There isn’t really a lot of management with an IRA. Every year you’ll want to make sure your asset allocation is appropriate. You’ll add funds as you can.

The benefit of holding multiple accounts is no different than the benefit of holding different investments: diversification. Maybe one company is offering low fees but has a limited selection of mutual funds available. Another company may have slightly higher transaction costs but a wider variety of funds.

Sometimes, opening a new account is the only way to invest in a mutual fund you really would like to hold in an IRA. If your current broker (or 401(k), or SEP IRA, etc.) does not offer a particular fund, for example, you may have to open an account with another broker just to hold a fund in a tax-deferred account.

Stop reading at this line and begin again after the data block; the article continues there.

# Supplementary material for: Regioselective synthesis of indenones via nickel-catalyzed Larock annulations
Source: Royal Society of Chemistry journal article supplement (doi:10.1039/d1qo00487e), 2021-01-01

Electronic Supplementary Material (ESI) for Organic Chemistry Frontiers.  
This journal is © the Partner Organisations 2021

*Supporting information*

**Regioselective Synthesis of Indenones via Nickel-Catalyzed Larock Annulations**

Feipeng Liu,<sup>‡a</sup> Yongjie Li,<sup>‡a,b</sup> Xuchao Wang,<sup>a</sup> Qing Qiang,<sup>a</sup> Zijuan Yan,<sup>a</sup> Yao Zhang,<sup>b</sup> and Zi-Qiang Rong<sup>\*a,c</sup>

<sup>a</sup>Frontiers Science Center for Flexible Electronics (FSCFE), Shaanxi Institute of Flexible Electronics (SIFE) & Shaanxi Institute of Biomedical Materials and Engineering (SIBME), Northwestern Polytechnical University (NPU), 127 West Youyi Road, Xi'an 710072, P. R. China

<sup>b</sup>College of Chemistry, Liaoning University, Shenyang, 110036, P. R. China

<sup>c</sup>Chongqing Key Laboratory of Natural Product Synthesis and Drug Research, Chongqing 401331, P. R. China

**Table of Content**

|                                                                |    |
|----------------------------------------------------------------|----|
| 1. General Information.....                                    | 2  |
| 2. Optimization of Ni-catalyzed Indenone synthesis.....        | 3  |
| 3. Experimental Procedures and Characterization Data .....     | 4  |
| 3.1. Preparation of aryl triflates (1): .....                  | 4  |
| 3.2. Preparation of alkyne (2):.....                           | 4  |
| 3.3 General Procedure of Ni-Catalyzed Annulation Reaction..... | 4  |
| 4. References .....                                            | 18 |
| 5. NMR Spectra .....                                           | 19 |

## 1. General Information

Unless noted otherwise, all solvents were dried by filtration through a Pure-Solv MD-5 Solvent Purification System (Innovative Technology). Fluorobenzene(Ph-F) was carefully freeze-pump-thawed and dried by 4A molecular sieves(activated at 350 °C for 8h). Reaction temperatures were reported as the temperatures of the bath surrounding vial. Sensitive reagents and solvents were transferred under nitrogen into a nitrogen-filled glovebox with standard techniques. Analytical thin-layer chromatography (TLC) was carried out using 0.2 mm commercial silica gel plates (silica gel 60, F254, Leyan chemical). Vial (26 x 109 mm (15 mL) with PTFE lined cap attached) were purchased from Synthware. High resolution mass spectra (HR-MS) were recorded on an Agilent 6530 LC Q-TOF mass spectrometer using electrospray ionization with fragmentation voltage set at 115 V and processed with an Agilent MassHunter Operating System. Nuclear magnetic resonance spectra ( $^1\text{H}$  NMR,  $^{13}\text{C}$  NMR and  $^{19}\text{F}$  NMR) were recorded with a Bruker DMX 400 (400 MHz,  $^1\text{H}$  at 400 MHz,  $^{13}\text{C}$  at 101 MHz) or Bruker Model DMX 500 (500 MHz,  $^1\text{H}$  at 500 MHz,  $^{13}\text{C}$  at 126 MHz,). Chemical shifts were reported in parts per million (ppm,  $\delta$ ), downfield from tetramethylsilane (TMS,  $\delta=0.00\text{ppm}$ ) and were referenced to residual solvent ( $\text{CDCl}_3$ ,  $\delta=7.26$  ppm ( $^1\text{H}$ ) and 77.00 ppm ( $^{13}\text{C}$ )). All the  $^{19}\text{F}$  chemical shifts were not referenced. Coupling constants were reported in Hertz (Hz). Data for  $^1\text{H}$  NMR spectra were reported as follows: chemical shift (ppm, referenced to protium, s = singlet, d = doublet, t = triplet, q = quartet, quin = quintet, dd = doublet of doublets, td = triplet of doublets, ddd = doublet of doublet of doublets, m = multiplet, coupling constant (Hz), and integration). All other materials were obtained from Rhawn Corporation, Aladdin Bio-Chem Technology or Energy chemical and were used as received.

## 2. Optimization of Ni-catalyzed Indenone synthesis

The downside is cost… maybe

Each company you have an account with will likely charge you a fee for management, but some discount brokers only charge for purchases and redemptions. As a result, you should have as few accounts as possible.

So, take a look at account fees and determine whether it’s worth it to pay each company the fees it is deducting from your bottom line.

The important thing is that you are satisfied with your investments and the way the management company reports your holdings, returns and losses.